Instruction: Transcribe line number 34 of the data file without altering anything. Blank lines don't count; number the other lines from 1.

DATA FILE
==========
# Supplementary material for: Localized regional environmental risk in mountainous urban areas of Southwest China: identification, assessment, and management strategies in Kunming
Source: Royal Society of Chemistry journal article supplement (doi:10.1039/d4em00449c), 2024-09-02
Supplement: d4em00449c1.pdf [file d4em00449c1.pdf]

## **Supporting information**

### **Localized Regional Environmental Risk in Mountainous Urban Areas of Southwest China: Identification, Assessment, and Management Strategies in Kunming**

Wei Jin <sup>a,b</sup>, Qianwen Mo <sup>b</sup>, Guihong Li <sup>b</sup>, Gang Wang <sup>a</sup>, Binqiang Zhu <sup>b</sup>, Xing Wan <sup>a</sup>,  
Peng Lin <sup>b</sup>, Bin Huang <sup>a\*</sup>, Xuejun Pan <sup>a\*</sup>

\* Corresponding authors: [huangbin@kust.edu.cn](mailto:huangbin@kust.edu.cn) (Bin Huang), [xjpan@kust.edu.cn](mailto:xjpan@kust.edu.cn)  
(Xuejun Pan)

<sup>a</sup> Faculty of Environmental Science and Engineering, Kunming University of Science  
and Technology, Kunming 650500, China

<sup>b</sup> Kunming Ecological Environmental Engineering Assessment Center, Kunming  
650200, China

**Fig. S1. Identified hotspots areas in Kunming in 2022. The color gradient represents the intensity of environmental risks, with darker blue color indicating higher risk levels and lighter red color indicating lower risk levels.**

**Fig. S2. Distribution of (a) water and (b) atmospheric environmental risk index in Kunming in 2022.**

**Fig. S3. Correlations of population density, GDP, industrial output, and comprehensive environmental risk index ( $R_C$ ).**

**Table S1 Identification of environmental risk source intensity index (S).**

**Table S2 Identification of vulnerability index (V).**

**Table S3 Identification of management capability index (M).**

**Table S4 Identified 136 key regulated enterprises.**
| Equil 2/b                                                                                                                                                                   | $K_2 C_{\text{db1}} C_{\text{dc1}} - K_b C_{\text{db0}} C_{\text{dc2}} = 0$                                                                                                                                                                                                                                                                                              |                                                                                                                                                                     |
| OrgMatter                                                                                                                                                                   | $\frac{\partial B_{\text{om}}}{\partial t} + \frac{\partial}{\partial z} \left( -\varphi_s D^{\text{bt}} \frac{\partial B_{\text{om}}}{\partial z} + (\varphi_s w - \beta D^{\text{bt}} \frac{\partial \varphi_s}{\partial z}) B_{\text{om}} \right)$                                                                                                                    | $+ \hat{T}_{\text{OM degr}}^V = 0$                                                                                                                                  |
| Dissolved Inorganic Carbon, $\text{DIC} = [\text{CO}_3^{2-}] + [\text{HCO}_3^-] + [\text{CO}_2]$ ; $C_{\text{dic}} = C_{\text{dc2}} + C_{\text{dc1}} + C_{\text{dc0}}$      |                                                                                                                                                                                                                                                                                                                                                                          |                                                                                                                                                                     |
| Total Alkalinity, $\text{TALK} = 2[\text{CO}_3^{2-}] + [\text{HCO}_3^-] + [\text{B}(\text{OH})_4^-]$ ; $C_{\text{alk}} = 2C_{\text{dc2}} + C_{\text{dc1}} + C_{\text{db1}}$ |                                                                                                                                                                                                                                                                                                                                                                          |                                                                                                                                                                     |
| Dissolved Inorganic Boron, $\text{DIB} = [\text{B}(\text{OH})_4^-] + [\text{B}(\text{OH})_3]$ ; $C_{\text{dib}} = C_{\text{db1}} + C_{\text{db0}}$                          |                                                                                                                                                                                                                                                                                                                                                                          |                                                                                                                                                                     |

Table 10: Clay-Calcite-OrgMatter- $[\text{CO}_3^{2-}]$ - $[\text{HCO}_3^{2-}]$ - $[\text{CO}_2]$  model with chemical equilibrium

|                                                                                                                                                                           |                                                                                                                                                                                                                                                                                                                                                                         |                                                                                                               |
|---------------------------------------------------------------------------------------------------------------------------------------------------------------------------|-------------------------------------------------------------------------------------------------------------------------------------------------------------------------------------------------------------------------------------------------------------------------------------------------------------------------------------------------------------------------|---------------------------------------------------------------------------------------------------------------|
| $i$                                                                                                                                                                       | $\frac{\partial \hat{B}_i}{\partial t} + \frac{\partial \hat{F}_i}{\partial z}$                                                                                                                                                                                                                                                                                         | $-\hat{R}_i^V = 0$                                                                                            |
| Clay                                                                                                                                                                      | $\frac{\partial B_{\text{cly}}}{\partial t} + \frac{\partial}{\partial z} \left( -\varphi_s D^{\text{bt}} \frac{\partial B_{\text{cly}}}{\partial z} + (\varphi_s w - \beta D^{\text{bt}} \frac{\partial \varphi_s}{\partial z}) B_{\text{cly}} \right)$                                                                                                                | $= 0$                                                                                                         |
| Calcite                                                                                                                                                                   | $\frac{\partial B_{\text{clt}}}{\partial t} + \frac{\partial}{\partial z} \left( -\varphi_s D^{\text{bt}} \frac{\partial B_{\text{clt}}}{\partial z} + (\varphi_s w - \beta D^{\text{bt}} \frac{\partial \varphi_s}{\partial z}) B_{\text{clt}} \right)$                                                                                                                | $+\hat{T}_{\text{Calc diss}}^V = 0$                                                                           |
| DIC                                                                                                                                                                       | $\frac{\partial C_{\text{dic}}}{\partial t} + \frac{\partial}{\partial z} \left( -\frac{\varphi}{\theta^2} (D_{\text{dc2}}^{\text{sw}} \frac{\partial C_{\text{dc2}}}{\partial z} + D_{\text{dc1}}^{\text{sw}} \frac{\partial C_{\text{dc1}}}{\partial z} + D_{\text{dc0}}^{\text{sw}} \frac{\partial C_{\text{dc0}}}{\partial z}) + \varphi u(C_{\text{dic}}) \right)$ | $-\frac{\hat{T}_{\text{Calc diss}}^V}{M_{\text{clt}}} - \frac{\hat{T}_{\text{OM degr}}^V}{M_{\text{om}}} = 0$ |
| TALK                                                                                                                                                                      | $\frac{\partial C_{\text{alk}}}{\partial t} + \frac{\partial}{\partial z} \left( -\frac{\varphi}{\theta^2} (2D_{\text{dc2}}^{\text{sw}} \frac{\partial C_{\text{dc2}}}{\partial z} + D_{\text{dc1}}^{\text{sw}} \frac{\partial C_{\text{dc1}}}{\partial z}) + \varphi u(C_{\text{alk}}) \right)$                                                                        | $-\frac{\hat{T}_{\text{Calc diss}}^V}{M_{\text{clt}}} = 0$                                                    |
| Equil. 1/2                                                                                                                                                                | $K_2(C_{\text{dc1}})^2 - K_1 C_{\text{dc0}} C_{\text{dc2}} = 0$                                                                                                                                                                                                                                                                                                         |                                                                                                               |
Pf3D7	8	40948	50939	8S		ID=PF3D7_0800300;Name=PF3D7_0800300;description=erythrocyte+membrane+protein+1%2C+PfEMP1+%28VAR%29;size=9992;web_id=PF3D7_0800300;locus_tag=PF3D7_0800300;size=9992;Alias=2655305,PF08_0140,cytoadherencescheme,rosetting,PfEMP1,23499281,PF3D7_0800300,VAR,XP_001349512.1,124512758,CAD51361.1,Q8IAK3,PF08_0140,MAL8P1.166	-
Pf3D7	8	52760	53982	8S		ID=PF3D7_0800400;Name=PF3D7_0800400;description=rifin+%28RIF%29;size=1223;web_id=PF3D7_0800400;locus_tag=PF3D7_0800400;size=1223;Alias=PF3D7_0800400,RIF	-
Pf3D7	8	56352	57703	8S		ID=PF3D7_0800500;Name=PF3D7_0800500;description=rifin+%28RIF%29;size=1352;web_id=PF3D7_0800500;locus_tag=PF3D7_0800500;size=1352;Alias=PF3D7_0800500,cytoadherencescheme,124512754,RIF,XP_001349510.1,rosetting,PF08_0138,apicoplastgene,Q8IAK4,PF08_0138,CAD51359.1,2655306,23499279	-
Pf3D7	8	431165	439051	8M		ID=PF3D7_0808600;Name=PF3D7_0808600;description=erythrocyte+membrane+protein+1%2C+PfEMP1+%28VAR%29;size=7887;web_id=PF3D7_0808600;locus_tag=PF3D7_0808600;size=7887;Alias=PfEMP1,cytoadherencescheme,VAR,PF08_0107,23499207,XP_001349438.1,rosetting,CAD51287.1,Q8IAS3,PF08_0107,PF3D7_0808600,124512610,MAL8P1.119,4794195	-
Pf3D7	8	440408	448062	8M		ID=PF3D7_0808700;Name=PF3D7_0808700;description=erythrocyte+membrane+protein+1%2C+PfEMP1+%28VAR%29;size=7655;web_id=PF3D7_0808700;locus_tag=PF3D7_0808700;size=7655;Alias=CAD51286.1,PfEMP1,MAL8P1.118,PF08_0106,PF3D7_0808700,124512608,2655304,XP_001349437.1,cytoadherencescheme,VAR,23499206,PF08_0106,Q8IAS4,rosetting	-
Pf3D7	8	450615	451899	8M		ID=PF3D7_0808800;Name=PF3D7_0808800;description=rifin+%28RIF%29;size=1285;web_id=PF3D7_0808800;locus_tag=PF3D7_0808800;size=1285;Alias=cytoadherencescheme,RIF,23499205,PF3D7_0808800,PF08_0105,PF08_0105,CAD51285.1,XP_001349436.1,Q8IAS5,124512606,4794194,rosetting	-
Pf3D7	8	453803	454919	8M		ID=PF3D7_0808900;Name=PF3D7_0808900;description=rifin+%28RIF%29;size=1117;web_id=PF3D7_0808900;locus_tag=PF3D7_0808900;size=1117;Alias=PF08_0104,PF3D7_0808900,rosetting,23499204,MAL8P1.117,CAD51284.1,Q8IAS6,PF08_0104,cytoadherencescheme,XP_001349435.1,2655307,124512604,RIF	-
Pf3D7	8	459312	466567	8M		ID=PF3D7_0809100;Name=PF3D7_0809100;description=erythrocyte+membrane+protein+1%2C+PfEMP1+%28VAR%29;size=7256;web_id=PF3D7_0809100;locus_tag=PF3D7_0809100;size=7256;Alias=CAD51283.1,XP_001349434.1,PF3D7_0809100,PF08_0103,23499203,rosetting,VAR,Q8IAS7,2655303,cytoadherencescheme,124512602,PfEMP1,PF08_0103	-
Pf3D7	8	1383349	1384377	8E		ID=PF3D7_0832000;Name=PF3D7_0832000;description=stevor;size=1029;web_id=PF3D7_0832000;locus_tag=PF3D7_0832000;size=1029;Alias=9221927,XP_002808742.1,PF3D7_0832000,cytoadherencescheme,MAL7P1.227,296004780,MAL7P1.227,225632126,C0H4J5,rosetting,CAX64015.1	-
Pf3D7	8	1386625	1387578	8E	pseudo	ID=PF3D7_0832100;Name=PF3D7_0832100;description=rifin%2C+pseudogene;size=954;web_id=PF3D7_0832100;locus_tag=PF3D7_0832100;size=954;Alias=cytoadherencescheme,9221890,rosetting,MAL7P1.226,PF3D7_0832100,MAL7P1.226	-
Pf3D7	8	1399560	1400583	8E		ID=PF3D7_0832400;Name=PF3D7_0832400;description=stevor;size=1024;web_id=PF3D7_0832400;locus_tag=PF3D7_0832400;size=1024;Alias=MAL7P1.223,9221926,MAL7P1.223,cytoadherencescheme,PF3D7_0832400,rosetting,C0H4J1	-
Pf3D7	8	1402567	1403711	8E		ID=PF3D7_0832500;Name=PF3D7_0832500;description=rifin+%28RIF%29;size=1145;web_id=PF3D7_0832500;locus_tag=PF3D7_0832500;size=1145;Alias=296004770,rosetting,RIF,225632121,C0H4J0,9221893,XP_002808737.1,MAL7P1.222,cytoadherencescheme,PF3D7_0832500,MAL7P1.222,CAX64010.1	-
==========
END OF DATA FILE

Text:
| Equil. 1/2                                                                                                                                                                | $K_2(C_{\text{dc1}})^2 - K_1 C_{\text{dc0}} C_{\text{dc2}} = 0$                                                                                                                                                                                                                                                                                                         |                                                                                                               |